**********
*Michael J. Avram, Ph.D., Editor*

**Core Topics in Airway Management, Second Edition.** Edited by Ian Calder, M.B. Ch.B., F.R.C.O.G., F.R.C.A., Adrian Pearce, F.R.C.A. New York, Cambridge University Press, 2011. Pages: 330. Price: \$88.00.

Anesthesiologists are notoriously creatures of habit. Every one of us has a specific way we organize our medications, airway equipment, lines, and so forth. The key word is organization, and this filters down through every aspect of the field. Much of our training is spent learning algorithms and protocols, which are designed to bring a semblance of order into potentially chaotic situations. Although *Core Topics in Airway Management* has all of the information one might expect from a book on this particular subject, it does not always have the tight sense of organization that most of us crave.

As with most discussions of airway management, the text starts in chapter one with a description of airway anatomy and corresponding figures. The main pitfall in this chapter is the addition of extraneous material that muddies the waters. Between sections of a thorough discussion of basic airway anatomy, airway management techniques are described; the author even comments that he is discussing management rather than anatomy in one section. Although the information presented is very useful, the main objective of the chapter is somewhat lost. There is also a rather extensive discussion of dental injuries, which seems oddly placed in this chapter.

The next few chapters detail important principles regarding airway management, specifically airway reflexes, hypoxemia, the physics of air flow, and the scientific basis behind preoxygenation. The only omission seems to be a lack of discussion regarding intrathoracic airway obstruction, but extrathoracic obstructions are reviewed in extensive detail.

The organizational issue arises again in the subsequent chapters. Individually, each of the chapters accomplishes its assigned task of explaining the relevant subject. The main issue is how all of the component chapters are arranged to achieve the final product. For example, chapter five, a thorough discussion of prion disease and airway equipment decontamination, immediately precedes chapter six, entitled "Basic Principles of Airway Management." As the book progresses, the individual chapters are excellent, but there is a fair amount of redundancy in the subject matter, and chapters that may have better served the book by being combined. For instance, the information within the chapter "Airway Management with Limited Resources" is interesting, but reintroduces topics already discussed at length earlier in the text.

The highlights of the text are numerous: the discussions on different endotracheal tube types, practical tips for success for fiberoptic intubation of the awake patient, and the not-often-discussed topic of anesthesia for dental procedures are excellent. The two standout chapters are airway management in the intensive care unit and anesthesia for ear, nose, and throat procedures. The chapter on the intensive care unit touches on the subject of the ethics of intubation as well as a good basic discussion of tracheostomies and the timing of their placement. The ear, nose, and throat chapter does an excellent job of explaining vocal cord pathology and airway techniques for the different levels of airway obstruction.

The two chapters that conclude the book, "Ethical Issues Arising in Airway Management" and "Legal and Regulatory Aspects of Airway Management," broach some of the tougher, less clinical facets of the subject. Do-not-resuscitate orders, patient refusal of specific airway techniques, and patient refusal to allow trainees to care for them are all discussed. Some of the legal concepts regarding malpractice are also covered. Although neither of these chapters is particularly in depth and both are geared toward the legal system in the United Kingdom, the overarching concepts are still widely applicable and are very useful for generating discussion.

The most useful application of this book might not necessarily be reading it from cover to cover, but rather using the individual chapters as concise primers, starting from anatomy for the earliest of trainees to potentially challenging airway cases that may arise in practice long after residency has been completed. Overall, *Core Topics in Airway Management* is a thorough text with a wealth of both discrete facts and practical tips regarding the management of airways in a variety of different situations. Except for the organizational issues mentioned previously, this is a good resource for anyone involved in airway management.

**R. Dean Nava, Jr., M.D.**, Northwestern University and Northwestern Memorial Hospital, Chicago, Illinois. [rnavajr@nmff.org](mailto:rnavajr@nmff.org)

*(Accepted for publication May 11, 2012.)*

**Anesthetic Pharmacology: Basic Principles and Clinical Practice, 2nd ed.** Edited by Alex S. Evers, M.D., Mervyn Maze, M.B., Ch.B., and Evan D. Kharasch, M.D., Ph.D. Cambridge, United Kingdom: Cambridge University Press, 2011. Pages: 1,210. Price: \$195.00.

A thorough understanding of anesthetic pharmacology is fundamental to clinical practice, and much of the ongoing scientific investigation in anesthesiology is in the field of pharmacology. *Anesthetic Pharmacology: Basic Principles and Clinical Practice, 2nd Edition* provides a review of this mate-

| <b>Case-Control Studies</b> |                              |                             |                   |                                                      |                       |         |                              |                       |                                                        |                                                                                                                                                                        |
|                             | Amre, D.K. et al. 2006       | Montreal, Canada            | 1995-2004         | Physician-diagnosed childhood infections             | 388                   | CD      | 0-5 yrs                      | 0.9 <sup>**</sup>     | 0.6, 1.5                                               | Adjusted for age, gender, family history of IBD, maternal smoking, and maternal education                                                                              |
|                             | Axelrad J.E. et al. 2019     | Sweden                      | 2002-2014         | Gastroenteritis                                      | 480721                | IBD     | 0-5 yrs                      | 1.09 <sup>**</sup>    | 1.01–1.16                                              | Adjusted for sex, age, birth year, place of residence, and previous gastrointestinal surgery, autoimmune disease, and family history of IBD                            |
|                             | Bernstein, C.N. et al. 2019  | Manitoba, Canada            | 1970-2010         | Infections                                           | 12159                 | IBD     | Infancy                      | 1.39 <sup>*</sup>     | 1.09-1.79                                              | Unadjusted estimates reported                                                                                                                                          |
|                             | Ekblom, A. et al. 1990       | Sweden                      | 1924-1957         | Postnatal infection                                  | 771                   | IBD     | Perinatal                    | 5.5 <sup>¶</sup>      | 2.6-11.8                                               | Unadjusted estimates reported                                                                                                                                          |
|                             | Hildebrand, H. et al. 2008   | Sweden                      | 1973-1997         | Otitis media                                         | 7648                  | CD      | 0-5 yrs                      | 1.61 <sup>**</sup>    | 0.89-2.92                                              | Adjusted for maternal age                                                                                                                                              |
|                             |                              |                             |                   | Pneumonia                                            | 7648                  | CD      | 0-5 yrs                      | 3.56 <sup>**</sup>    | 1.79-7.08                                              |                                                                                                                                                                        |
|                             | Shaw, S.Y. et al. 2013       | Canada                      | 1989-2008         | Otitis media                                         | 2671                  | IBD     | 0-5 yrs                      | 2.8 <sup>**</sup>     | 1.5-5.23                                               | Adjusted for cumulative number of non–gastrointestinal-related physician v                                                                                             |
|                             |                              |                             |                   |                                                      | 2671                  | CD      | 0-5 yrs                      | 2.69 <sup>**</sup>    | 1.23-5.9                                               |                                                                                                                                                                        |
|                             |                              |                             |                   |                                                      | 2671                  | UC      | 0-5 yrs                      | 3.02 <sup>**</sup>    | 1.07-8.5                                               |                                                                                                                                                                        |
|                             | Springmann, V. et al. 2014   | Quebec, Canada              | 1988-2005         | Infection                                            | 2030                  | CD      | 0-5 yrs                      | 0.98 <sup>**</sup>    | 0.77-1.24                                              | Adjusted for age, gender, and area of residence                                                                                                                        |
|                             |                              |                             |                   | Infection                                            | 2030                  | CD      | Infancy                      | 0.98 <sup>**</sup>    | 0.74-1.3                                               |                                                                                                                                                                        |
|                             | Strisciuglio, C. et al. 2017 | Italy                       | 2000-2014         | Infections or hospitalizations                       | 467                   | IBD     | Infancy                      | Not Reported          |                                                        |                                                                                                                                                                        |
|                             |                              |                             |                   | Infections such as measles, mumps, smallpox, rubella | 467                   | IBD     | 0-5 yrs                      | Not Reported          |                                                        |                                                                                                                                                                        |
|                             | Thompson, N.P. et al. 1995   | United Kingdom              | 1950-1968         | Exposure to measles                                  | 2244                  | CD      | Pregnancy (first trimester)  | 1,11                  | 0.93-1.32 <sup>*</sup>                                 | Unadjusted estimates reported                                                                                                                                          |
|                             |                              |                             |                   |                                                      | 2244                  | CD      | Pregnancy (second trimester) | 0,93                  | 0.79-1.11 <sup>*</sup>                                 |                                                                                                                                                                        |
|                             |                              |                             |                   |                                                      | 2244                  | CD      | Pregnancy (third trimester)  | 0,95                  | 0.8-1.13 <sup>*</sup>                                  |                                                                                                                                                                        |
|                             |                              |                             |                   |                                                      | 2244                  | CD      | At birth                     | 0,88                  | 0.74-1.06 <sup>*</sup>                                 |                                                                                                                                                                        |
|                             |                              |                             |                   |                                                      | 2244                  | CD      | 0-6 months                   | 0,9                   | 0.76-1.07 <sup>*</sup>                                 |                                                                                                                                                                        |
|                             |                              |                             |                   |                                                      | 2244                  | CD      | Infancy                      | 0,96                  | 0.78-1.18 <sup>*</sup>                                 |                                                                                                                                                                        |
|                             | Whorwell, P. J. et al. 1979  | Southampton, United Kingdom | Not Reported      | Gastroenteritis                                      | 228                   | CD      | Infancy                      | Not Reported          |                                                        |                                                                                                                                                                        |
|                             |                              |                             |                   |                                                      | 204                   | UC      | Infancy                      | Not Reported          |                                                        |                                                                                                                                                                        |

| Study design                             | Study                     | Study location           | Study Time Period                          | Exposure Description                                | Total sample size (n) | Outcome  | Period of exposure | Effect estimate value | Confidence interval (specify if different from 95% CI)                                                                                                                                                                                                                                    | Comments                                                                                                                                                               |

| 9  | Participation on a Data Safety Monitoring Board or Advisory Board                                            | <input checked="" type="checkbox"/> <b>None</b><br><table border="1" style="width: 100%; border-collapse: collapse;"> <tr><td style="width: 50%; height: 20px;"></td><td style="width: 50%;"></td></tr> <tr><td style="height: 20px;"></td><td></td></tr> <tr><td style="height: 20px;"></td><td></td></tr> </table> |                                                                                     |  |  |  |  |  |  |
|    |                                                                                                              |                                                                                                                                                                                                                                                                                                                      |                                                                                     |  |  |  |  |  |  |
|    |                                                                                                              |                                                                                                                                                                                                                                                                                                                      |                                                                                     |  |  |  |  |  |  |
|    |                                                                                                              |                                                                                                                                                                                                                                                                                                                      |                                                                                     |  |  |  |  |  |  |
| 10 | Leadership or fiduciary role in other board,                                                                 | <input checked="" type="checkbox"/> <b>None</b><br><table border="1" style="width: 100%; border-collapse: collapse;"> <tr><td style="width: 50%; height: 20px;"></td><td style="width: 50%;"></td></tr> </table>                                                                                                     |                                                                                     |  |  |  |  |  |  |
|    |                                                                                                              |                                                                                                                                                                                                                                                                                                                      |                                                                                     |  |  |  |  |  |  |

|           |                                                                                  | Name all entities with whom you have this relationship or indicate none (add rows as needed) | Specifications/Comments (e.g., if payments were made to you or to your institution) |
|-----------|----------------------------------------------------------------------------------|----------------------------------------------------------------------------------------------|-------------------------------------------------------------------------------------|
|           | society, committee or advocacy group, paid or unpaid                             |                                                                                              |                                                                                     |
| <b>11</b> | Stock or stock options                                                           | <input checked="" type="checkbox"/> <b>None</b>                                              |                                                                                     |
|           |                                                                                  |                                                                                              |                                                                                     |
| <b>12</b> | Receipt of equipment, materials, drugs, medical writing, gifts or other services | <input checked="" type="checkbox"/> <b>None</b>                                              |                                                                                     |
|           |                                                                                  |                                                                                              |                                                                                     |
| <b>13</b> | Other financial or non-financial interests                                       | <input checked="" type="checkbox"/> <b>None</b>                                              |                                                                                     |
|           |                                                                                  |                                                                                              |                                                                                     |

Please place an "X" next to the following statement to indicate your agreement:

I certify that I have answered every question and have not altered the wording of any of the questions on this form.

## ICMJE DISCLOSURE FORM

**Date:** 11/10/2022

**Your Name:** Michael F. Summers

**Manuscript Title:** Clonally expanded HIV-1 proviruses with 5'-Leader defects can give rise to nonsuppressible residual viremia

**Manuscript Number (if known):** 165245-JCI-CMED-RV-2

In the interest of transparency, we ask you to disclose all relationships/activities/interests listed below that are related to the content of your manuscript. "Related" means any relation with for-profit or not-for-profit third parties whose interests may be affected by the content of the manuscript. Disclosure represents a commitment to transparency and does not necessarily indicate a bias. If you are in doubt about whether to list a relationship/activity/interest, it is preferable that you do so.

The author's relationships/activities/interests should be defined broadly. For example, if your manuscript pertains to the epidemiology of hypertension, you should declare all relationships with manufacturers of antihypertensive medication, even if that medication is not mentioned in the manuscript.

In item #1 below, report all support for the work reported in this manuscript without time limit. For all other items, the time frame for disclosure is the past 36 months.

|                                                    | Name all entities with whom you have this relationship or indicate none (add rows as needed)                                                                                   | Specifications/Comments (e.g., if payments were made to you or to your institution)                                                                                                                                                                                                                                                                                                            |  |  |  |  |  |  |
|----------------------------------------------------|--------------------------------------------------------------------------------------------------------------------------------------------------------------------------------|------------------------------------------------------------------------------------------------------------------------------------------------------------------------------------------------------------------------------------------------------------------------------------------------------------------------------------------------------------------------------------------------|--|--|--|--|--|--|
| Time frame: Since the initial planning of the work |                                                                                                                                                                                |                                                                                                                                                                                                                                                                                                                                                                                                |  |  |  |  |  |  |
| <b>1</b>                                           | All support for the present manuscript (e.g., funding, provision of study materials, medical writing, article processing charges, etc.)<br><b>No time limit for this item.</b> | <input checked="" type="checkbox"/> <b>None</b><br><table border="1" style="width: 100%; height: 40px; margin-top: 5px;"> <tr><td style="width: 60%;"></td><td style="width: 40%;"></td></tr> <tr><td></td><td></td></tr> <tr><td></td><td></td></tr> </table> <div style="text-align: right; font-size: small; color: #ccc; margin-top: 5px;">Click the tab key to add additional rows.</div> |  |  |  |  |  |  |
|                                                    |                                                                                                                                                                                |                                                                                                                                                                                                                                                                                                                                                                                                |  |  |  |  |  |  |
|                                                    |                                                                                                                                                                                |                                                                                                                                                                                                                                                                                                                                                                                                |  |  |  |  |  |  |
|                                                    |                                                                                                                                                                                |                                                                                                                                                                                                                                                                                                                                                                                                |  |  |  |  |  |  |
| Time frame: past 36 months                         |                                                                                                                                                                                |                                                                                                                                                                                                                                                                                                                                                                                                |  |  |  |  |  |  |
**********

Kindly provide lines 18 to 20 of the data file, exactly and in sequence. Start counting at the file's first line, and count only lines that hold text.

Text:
|                             | Ekblom, A. et al. 1990       | Sweden                      | 1924-1957         | Postnatal infection                                  | 771                   | IBD     | Perinatal                    | 5.5 <sup>¶</sup>      | 2.6-11.8                                               | Unadjusted estimates reported                                                                                                                                          |
|                             | Hildebrand, H. et al. 2008   | Sweden                      | 1973-1997         | Otitis media                                         | 7648                  | CD      | 0-5 yrs                      | 1.61 <sup>**</sup>    | 0.89-2.92                                              | Adjusted for maternal age                                                                                                                                              |
|                             |                              |                             |                   | Pneumonia                                            | 7648                  | CD      | 0-5 yrs                      | 3.56 <sup>**</sup>    | 1.79-7.08                                              |                                                                                                                                                                        |